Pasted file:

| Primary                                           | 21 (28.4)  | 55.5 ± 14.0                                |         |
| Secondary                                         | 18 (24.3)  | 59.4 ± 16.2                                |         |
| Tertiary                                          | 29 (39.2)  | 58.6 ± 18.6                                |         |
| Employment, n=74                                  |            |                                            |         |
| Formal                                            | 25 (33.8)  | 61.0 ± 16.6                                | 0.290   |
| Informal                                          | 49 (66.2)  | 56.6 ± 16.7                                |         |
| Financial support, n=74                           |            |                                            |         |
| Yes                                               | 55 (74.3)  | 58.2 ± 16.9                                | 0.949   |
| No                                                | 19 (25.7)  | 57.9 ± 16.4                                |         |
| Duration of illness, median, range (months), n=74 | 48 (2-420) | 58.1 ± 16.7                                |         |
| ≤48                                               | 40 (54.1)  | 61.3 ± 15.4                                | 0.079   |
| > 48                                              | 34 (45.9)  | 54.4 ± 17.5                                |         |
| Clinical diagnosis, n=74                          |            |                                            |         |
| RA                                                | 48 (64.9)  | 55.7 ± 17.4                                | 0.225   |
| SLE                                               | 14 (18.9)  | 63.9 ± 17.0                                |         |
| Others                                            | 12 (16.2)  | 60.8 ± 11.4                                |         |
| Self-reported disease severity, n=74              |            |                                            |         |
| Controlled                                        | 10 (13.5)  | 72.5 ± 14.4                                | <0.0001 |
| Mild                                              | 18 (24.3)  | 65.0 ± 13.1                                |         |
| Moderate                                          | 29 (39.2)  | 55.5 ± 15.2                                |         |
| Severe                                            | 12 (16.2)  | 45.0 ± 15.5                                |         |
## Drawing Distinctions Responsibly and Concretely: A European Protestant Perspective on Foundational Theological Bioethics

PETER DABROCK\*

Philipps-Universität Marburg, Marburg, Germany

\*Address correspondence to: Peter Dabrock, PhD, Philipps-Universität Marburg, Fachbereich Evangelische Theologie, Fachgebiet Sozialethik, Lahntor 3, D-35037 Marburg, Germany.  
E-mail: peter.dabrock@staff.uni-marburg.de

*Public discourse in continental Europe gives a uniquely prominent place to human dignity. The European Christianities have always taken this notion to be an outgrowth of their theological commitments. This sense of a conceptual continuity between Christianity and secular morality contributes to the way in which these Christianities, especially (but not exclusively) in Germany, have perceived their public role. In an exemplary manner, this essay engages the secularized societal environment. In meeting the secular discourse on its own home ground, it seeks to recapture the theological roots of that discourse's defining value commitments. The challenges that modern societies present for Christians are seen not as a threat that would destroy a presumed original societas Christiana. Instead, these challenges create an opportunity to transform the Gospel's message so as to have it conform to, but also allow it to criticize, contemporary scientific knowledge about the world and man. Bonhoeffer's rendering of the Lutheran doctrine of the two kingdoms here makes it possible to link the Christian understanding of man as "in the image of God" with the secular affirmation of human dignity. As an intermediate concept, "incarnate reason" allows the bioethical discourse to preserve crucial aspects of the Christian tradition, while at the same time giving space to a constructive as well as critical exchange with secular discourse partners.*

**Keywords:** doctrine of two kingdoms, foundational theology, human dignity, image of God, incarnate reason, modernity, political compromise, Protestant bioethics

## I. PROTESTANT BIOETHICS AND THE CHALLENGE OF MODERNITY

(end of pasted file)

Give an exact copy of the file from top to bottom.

| Primary                                           | 21 (28.4)  | 55.5 ± 14.0                                |         |
| Secondary                                         | 18 (24.3)  | 59.4 ± 16.2                                |         |
| Tertiary                                          | 29 (39.2)  | 58.6 ± 18.6                                |         |
| Employment, n=74                                  |            |                                            |         |
| Formal                                            | 25 (33.8)  | 61.0 ± 16.6                                | 0.290   |
| Informal                                          | 49 (66.2)  | 56.6 ± 16.7                                |         |
| Financial support, n=74                           |            |                                            |         |
| Yes                                               | 55 (74.3)  | 58.2 ± 16.9                                | 0.949   |
| No                                                | 19 (25.7)  | 57.9 ± 16.4                                |         |
| Duration of illness, median, range (months), n=74 | 48 (2-420) | 58.1 ± 16.7                                |         |
| ≤48                                               | 40 (54.1)  | 61.3 ± 15.4                                | 0.079   |
| > 48                                              | 34 (45.9)  | 54.4 ± 17.5                                |         |
| Clinical diagnosis, n=74                          |            |                                            |         |
| RA                                                | 48 (64.9)  | 55.7 ± 17.4                                | 0.225   |
| SLE                                               | 14 (18.9)  | 63.9 ± 17.0                                |         |
| Others                                            | 12 (16.2)  | 60.8 ± 11.4                                |         |
| Self-reported disease severity, n=74              |            |                                            |         |
| Controlled                                        | 10 (13.5)  | 72.5 ± 14.4                                | <0.0001 |
| Mild                                              | 18 (24.3)  | 65.0 ± 13.1                                |         |
| Moderate                                          | 29 (39.2)  | 55.5 ± 15.2                                |         |
| Severe                                            | 12 (16.2)  | 45.0 ± 15.5                                |         |
## Drawing Distinctions Responsibly and Concretely: A European Protestant Perspective on Foundational Theological Bioethics

PETER DABROCK\*

Philipps-Universität Marburg, Marburg, Germany

\*Address correspondence to: Peter Dabrock, PhD, Philipps-Universität Marburg, Fachbereich Evangelische Theologie, Fachgebiet Sozialethik, Lahntor 3, D-35037 Marburg, Germany.  
E-mail: peter.dabrock@staff.uni-marburg.de

*Public discourse in continental Europe gives a uniquely prominent place to human dignity. The European Christianities have always taken this notion to be an outgrowth of their theological commitments. This sense of a conceptual continuity between Christianity and secular morality contributes to the way in which these Christianities, especially (but not exclusively) in Germany, have perceived their public role. In an exemplary manner, this essay engages the secularized societal environment. In meeting the secular discourse on its own home ground, it seeks to recapture the theological roots of that discourse's defining value commitments. The challenges that modern societies present for Christians are seen not as a threat that would destroy a presumed original societas Christiana. Instead, these challenges create an opportunity to transform the Gospel's message so as to have it conform to, but also allow it to criticize, contemporary scientific knowledge about the world and man. Bonhoeffer's rendering of the Lutheran doctrine of the two kingdoms here makes it possible to link the Christian understanding of man as "in the image of God" with the secular affirmation of human dignity. As an intermediate concept, "incarnate reason" allows the bioethical discourse to preserve crucial aspects of the Christian tradition, while at the same time giving space to a constructive as well as critical exchange with secular discourse partners.*

**Keywords:** doctrine of two kingdoms, foundational theology, human dignity, image of God, incarnate reason, modernity, political compromise, Protestant bioethics

## I. PROTESTANT BIOETHICS AND THE CHALLENGE OF MODERNITY